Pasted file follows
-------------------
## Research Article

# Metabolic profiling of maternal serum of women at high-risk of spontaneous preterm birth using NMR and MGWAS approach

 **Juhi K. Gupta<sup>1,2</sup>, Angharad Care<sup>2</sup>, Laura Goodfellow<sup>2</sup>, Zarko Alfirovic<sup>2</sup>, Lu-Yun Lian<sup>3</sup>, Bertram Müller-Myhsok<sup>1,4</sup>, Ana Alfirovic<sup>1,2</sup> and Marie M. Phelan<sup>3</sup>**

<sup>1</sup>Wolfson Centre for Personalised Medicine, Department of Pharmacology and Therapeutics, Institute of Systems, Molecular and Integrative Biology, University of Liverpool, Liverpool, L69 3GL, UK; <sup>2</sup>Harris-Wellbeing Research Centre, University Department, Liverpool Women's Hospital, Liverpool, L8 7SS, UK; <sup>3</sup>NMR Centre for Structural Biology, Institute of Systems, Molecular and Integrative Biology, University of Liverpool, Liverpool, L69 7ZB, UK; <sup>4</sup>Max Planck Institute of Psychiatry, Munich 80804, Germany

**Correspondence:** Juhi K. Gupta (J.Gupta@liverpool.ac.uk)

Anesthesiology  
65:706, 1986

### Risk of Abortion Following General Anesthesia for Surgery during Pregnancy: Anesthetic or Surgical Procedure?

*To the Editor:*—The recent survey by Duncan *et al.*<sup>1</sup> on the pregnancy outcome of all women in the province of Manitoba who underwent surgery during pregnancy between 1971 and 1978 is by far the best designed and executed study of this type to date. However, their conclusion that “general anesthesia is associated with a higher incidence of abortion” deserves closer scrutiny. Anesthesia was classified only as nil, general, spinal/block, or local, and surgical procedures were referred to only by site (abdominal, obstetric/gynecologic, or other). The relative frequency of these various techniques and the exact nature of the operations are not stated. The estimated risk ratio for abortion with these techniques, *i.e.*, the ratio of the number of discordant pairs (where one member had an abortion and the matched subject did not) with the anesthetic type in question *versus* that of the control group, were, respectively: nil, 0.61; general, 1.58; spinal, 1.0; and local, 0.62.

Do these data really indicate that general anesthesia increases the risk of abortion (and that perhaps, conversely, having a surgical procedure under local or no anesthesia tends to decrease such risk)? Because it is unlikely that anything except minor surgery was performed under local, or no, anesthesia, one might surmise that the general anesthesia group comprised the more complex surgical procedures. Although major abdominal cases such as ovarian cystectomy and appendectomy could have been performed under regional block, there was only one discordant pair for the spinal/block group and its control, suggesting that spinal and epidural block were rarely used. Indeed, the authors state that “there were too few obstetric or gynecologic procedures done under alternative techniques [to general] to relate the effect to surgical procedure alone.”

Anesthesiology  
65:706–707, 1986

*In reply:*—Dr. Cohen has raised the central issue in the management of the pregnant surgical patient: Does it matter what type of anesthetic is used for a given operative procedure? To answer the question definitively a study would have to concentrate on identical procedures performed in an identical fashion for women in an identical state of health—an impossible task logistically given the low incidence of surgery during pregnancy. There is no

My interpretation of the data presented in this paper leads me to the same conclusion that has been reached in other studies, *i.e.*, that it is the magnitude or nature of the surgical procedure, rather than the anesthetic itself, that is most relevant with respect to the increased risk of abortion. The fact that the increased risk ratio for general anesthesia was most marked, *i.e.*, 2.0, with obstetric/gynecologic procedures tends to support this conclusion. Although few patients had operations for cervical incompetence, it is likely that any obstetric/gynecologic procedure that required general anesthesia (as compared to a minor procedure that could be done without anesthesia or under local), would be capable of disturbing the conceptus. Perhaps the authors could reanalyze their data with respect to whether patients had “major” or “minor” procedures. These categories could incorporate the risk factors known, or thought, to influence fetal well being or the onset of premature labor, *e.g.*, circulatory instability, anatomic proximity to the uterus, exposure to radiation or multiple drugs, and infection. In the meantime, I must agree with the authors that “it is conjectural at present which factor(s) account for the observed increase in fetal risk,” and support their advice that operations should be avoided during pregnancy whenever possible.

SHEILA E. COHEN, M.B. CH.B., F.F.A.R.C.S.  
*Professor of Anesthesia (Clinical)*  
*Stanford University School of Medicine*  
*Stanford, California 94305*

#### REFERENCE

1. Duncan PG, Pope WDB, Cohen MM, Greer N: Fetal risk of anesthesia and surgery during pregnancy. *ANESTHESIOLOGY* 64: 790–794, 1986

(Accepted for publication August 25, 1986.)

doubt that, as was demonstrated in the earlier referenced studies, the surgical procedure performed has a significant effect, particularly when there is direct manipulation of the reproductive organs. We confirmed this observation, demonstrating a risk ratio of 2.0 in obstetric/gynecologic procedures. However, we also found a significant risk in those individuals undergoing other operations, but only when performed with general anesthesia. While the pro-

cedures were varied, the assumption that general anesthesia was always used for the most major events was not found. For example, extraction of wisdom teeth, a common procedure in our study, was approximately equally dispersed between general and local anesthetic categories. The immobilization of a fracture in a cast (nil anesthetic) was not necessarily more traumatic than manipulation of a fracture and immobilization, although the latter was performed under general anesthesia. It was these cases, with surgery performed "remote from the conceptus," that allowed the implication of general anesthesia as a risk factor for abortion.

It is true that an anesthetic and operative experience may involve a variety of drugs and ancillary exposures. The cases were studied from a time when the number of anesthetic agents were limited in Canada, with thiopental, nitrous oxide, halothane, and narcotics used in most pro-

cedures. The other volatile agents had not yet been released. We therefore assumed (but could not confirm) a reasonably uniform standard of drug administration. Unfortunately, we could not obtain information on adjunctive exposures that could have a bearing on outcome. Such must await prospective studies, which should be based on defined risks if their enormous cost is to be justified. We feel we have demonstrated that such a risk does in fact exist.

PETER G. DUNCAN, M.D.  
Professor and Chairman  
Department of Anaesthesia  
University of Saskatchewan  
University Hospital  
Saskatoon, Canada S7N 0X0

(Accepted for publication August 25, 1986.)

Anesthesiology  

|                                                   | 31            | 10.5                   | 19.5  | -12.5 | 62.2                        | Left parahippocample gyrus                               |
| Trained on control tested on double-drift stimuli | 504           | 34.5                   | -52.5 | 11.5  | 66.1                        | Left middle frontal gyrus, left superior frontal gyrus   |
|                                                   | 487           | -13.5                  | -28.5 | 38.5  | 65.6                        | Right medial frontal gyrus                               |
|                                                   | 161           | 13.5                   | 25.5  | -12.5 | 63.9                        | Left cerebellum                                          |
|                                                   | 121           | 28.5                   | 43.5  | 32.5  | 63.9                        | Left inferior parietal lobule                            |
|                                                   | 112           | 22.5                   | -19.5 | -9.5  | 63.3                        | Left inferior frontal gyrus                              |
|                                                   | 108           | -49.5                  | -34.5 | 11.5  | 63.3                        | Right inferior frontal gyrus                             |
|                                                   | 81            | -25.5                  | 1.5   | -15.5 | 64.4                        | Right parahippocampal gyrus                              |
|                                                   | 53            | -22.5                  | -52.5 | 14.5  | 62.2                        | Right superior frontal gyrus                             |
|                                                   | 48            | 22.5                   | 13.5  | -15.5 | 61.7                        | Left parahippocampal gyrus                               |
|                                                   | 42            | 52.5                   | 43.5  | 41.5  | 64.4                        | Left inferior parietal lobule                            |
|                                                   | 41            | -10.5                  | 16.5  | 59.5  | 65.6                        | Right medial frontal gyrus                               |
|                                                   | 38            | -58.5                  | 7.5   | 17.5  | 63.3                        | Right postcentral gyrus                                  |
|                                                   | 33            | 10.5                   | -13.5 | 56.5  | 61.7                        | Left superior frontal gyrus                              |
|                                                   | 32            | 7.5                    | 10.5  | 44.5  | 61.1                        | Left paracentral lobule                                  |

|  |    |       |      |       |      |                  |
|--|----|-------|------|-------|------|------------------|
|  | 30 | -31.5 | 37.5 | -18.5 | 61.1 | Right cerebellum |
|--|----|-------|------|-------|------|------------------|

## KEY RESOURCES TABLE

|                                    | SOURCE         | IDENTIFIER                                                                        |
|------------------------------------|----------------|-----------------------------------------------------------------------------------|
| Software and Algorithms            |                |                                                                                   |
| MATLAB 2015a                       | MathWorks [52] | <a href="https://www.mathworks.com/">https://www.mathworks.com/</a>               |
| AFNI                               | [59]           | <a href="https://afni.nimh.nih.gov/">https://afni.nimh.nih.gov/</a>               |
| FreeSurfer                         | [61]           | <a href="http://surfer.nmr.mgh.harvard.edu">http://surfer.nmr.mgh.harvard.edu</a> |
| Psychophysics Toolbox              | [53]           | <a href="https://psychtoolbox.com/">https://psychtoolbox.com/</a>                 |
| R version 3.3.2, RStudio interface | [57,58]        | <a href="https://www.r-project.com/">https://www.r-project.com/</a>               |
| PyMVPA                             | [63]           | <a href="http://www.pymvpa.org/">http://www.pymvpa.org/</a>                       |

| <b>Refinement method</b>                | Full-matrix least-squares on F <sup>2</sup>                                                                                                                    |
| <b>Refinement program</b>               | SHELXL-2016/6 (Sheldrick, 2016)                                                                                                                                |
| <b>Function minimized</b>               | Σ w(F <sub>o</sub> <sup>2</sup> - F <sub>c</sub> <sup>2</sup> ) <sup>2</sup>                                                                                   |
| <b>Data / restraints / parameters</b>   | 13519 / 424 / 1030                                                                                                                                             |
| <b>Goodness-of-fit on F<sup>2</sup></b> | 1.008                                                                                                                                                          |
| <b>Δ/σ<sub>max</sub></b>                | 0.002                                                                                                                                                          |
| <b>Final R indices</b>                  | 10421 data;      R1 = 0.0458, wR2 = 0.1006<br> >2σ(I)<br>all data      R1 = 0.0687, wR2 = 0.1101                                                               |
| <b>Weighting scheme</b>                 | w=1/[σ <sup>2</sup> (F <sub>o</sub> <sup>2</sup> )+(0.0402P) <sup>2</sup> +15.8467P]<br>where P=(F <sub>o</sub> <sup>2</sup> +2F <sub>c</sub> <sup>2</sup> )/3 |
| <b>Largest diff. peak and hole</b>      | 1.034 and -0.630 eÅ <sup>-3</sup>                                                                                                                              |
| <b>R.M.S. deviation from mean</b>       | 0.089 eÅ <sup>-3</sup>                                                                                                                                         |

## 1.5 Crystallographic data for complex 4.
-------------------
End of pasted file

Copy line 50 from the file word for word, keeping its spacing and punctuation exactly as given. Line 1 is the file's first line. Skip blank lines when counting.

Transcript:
|--|----|-------|------|-------|------|------------------|